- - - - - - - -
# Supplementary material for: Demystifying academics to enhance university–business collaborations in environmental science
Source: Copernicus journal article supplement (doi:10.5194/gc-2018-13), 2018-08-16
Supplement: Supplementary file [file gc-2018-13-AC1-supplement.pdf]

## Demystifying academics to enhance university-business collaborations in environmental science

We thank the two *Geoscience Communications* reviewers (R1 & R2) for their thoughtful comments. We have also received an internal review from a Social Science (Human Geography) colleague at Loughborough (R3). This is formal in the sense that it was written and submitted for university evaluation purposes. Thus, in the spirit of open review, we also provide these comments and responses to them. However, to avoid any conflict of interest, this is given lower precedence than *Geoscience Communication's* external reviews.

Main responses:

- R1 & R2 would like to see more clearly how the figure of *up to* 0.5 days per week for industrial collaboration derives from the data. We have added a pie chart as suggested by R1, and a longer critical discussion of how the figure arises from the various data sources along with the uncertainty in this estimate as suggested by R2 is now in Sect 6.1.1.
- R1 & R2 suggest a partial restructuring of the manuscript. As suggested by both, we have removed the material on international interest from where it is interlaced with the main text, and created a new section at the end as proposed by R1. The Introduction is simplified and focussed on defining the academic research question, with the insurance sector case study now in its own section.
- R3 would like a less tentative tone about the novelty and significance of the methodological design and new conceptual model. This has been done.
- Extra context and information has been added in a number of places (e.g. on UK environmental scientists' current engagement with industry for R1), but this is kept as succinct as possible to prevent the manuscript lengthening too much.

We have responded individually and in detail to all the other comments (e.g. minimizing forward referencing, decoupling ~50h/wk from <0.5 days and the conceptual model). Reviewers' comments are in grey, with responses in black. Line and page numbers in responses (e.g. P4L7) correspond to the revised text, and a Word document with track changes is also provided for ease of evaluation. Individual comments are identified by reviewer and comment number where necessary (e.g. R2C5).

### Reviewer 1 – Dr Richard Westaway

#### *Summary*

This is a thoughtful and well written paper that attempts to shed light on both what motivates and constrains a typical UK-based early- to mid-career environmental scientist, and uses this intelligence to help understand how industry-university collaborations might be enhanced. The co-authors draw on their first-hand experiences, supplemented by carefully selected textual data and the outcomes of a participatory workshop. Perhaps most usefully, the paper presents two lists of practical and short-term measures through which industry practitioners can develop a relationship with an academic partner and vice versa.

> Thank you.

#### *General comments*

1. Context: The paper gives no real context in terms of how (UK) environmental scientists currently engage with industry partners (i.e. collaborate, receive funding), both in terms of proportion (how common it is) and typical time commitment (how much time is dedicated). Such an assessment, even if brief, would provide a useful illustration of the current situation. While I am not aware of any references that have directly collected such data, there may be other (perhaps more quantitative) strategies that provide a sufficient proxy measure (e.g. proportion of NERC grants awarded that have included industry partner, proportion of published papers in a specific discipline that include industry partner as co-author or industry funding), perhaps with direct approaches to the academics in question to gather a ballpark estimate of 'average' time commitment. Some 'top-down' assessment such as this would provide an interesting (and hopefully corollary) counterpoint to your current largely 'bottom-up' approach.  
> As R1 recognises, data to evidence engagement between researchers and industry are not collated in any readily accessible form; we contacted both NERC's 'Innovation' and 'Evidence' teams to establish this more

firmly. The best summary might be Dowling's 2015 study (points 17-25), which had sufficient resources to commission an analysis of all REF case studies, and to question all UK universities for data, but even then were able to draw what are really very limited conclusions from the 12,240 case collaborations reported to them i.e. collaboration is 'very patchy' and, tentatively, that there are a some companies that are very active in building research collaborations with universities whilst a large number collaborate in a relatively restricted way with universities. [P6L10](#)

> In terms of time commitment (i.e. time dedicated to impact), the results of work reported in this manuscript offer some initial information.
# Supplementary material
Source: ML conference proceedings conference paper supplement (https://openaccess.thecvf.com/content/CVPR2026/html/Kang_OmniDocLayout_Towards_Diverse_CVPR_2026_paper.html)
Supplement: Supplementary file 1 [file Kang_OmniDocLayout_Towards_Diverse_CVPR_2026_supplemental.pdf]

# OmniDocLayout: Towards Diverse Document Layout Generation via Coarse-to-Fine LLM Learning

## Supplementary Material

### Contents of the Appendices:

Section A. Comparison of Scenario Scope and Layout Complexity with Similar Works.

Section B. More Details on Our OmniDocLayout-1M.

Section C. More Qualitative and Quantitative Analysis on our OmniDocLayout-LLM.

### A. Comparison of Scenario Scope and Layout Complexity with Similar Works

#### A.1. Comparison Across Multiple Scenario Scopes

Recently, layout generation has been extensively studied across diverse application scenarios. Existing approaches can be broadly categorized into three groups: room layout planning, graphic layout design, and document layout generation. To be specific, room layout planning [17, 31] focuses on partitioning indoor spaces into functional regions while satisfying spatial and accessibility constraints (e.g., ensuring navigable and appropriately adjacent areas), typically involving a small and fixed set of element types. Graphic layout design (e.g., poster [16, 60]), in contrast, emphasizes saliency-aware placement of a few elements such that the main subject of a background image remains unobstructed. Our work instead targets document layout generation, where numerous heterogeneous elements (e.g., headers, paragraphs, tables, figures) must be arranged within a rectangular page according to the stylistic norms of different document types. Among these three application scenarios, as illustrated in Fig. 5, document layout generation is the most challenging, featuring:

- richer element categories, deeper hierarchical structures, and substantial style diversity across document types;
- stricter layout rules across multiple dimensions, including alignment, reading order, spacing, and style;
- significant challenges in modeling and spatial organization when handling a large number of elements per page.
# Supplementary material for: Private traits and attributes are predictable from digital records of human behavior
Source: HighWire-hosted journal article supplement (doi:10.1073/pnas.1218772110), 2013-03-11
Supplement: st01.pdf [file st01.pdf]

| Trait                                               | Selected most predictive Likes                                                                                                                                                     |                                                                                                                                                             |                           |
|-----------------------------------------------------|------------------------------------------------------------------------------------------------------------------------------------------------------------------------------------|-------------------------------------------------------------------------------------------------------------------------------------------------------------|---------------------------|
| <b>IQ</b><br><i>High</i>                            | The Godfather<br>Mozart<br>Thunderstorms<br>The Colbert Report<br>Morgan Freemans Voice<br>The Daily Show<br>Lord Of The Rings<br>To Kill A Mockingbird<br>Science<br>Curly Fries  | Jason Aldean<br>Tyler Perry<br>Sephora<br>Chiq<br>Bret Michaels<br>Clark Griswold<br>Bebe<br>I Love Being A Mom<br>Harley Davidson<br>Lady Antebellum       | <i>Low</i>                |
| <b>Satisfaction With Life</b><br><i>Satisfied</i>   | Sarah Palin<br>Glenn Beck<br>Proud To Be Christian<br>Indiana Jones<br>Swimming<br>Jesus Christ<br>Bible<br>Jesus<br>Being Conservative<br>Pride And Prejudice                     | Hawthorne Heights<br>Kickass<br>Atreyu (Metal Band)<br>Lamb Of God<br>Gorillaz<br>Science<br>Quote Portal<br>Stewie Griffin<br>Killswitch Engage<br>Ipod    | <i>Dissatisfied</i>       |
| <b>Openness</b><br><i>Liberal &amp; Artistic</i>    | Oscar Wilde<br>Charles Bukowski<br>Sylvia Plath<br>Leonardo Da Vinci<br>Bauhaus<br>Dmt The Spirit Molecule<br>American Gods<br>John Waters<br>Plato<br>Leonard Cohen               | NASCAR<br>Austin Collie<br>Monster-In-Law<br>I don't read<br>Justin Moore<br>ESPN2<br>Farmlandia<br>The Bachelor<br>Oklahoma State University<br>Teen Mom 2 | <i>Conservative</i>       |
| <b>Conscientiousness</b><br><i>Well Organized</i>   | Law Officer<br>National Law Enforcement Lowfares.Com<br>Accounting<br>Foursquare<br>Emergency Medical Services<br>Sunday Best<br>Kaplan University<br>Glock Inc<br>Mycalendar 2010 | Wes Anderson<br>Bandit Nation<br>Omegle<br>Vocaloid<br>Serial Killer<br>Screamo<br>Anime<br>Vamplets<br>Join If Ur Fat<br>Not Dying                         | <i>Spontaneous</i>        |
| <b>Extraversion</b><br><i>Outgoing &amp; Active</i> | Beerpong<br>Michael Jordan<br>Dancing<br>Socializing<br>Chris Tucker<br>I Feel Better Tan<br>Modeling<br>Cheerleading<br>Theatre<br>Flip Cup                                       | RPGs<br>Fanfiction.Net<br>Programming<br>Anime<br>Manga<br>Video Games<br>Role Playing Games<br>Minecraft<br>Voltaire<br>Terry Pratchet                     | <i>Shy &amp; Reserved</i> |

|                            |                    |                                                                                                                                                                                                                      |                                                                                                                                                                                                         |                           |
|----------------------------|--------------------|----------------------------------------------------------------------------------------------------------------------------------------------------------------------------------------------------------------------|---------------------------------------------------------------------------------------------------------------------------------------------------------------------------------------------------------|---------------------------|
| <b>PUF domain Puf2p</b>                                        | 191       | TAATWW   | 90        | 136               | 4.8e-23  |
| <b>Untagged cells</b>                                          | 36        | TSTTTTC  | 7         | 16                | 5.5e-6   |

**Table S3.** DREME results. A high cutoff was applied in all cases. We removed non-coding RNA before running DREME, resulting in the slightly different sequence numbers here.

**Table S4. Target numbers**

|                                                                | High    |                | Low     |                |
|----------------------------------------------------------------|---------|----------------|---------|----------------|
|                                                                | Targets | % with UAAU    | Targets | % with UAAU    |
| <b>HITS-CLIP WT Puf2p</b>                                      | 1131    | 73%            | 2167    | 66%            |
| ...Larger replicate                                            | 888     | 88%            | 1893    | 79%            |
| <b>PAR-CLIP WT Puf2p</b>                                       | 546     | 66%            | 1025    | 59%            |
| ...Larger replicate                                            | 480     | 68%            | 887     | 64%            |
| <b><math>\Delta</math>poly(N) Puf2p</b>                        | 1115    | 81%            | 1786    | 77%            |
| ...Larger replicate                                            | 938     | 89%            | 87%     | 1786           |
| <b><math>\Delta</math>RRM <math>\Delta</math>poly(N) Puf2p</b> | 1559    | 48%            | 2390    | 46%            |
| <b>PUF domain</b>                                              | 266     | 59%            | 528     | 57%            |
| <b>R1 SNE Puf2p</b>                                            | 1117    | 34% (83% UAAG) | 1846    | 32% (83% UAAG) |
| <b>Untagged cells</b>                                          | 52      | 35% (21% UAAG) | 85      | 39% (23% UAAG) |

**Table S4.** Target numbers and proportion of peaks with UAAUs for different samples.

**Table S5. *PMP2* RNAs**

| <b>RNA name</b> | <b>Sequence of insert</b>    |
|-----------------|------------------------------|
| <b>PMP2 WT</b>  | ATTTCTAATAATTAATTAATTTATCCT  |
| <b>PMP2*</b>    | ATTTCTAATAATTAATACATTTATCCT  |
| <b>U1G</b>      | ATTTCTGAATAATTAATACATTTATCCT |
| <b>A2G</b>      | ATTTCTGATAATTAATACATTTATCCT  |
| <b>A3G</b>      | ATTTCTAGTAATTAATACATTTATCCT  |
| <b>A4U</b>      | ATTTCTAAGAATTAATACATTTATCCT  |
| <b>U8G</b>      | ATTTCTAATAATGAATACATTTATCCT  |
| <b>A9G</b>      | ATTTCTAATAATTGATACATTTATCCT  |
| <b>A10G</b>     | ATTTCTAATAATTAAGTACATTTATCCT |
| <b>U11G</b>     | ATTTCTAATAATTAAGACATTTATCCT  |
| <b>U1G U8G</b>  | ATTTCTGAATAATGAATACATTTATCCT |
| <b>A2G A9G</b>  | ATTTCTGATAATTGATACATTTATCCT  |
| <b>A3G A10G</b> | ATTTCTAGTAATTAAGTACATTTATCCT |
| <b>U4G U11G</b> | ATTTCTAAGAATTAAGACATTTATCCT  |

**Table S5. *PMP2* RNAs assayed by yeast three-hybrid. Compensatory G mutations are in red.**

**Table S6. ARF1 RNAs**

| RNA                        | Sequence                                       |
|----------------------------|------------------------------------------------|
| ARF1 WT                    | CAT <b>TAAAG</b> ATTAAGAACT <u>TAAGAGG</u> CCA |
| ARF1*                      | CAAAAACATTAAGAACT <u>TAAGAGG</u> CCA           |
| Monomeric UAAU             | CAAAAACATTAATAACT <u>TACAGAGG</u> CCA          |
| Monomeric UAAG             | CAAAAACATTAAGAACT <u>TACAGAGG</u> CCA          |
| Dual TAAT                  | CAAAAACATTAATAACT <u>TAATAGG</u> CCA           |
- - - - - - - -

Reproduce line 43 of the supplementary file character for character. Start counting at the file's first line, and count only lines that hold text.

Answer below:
| <b>Openness</b><br><i>Liberal &amp; Artistic</i>    | Oscar Wilde<br>Charles Bukowski<br>Sylvia Plath<br>Leonardo Da Vinci<br>Bauhaus<br>Dmt The Spirit Molecule<br>American Gods<br>John Waters<br>Plato<br>Leonard Cohen               | NASCAR<br>Austin Collie<br>Monster-In-Law<br>I don't read<br>Justin Moore<br>ESPN2<br>Farmlandia<br>The Bachelor<br>Oklahoma State University<br>Teen Mom 2 | <i>Conservative</i>       |